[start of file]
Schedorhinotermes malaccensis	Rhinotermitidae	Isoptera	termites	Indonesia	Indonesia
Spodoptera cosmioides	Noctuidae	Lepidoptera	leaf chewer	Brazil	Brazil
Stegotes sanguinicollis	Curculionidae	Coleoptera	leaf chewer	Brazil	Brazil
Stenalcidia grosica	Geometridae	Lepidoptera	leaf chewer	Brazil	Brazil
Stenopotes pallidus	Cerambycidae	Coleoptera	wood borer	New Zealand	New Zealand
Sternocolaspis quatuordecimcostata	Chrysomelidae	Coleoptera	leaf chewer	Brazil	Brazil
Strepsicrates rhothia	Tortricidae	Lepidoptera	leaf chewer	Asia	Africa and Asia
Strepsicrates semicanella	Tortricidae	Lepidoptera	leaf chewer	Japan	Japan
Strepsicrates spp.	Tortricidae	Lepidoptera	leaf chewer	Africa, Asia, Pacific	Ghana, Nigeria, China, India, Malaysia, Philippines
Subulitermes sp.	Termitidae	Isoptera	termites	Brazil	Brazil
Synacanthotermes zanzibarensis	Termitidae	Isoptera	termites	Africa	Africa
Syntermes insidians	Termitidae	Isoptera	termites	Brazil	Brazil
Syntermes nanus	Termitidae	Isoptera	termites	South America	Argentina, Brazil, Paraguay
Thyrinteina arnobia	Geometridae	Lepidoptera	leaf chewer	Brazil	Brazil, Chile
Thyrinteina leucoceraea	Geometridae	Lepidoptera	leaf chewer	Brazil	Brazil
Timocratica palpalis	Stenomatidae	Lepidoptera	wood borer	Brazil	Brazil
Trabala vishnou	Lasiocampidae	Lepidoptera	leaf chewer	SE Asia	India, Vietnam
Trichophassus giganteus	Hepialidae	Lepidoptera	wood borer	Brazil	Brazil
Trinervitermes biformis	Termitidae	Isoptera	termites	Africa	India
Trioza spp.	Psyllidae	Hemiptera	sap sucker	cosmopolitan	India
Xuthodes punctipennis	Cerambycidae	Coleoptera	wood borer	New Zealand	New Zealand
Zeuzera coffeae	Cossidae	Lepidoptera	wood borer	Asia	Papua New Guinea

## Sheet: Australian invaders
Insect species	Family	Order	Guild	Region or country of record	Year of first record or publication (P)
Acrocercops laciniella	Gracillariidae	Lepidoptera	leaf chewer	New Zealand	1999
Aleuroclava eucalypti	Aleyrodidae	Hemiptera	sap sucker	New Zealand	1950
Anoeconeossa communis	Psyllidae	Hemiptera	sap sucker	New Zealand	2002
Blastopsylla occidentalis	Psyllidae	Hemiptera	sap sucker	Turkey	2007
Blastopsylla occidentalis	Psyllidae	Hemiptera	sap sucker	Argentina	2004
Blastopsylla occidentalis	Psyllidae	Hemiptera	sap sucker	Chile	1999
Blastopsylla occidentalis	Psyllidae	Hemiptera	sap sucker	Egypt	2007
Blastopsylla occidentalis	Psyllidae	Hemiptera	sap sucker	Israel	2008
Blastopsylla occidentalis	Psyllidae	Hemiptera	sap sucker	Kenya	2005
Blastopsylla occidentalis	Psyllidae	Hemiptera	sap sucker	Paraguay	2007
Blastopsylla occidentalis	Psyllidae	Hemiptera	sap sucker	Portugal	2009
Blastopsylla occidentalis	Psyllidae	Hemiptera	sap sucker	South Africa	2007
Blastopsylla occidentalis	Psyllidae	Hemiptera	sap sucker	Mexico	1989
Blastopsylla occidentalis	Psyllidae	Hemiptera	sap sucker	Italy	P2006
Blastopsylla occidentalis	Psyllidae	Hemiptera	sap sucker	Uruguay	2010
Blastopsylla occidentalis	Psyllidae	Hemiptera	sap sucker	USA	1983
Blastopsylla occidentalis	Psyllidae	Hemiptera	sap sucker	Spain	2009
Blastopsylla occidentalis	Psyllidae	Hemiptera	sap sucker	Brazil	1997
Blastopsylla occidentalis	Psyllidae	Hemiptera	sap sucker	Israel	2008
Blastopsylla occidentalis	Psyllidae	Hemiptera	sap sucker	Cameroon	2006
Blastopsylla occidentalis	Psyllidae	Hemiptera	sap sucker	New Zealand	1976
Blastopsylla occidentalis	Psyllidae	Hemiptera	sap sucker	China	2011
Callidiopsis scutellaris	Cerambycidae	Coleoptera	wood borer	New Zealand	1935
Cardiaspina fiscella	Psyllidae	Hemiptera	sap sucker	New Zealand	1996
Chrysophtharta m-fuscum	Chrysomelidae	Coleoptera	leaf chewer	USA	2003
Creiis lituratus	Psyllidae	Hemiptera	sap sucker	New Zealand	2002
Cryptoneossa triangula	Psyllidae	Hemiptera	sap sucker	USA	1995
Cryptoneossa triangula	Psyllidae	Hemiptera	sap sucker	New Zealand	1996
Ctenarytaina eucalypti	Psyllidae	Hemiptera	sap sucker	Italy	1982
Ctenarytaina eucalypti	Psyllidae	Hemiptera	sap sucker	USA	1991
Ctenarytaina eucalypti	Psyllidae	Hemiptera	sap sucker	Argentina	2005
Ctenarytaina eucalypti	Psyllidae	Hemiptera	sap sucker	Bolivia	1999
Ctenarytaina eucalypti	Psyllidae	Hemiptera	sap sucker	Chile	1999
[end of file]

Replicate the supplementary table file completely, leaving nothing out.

Schedorhinotermes malaccensis	Rhinotermitidae	Isoptera	termites	Indonesia	Indonesia
Spodoptera cosmioides	Noctuidae	Lepidoptera	leaf chewer	Brazil	Brazil
Stegotes sanguinicollis	Curculionidae	Coleoptera	leaf chewer	Brazil	Brazil
Stenalcidia grosica	Geometridae	Lepidoptera	leaf chewer	Brazil	Brazil
Stenopotes pallidus	Cerambycidae	Coleoptera	wood borer	New Zealand	New Zealand
Sternocolaspis quatuordecimcostata	Chrysomelidae	Coleoptera	leaf chewer	Brazil	Brazil
Strepsicrates rhothia	Tortricidae	Lepidoptera	leaf chewer	Asia	Africa and Asia
Strepsicrates semicanella	Tortricidae	Lepidoptera	leaf chewer	Japan	Japan
Strepsicrates spp.	Tortricidae	Lepidoptera	leaf chewer	Africa, Asia, Pacific	Ghana, Nigeria, China, India, Malaysia, Philippines
Subulitermes sp.	Termitidae	Isoptera	termites	Brazil	Brazil
Synacanthotermes zanzibarensis	Termitidae	Isoptera	termites	Africa	Africa
Syntermes insidians	Termitidae	Isoptera	termites	Brazil	Brazil
Syntermes nanus	Termitidae	Isoptera	termites	South America	Argentina, Brazil, Paraguay
Thyrinteina arnobia	Geometridae	Lepidoptera	leaf chewer	Brazil	Brazil, Chile
Thyrinteina leucoceraea	Geometridae	Lepidoptera	leaf chewer	Brazil	Brazil
Timocratica palpalis	Stenomatidae	Lepidoptera	wood borer	Brazil	Brazil
Trabala vishnou	Lasiocampidae	Lepidoptera	leaf chewer	SE Asia	India, Vietnam
Trichophassus giganteus	Hepialidae	Lepidoptera	wood borer	Brazil	Brazil
Trinervitermes biformis	Termitidae	Isoptera	termites	Africa	India
Trioza spp.	Psyllidae	Hemiptera	sap sucker	cosmopolitan	India
Xuthodes punctipennis	Cerambycidae	Coleoptera	wood borer	New Zealand	New Zealand
Zeuzera coffeae	Cossidae	Lepidoptera	wood borer	Asia	Papua New Guinea

## Sheet: Australian invaders
Insect species	Family	Order	Guild	Region or country of record	Year of first record or publication (P)
Acrocercops laciniella	Gracillariidae	Lepidoptera	leaf chewer	New Zealand	1999
Aleuroclava eucalypti	Aleyrodidae	Hemiptera	sap sucker	New Zealand	1950
Anoeconeossa communis	Psyllidae	Hemiptera	sap sucker	New Zealand	2002
Blastopsylla occidentalis	Psyllidae	Hemiptera	sap sucker	Turkey	2007
Blastopsylla occidentalis	Psyllidae	Hemiptera	sap sucker	Argentina	2004
Blastopsylla occidentalis	Psyllidae	Hemiptera	sap sucker	Chile	1999
Blastopsylla occidentalis	Psyllidae	Hemiptera	sap sucker	Egypt	2007
Blastopsylla occidentalis	Psyllidae	Hemiptera	sap sucker	Israel	2008
Blastopsylla occidentalis	Psyllidae	Hemiptera	sap sucker	Kenya	2005
Blastopsylla occidentalis	Psyllidae	Hemiptera	sap sucker	Paraguay	2007
Blastopsylla occidentalis	Psyllidae	Hemiptera	sap sucker	Portugal	2009
Blastopsylla occidentalis	Psyllidae	Hemiptera	sap sucker	South Africa	2007
Blastopsylla occidentalis	Psyllidae	Hemiptera	sap sucker	Mexico	1989
Blastopsylla occidentalis	Psyllidae	Hemiptera	sap sucker	Italy	P2006
Blastopsylla occidentalis	Psyllidae	Hemiptera	sap sucker	Uruguay	2010
Blastopsylla occidentalis	Psyllidae	Hemiptera	sap sucker	USA	1983
Blastopsylla occidentalis	Psyllidae	Hemiptera	sap sucker	Spain	2009
Blastopsylla occidentalis	Psyllidae	Hemiptera	sap sucker	Brazil	1997
Blastopsylla occidentalis	Psyllidae	Hemiptera	sap sucker	Israel	2008
Blastopsylla occidentalis	Psyllidae	Hemiptera	sap sucker	Cameroon	2006
Blastopsylla occidentalis	Psyllidae	Hemiptera	sap sucker	New Zealand	1976
Blastopsylla occidentalis	Psyllidae	Hemiptera	sap sucker	China	2011
Callidiopsis scutellaris	Cerambycidae	Coleoptera	wood borer	New Zealand	1935
Cardiaspina fiscella	Psyllidae	Hemiptera	sap sucker	New Zealand	1996
Chrysophtharta m-fuscum	Chrysomelidae	Coleoptera	leaf chewer	USA	2003
Creiis lituratus	Psyllidae	Hemiptera	sap sucker	New Zealand	2002
Cryptoneossa triangula	Psyllidae	Hemiptera	sap sucker	USA	1995
Cryptoneossa triangula	Psyllidae	Hemiptera	sap sucker	New Zealand	1996
Ctenarytaina eucalypti	Psyllidae	Hemiptera	sap sucker	Italy	1982
Ctenarytaina eucalypti	Psyllidae	Hemiptera	sap sucker	USA	1991
Ctenarytaina eucalypti	Psyllidae	Hemiptera	sap sucker	Argentina	2005
Ctenarytaina eucalypti	Psyllidae	Hemiptera	sap sucker	Bolivia	1999
Ctenarytaina eucalypti	Psyllidae	Hemiptera	sap sucker	Chile	1999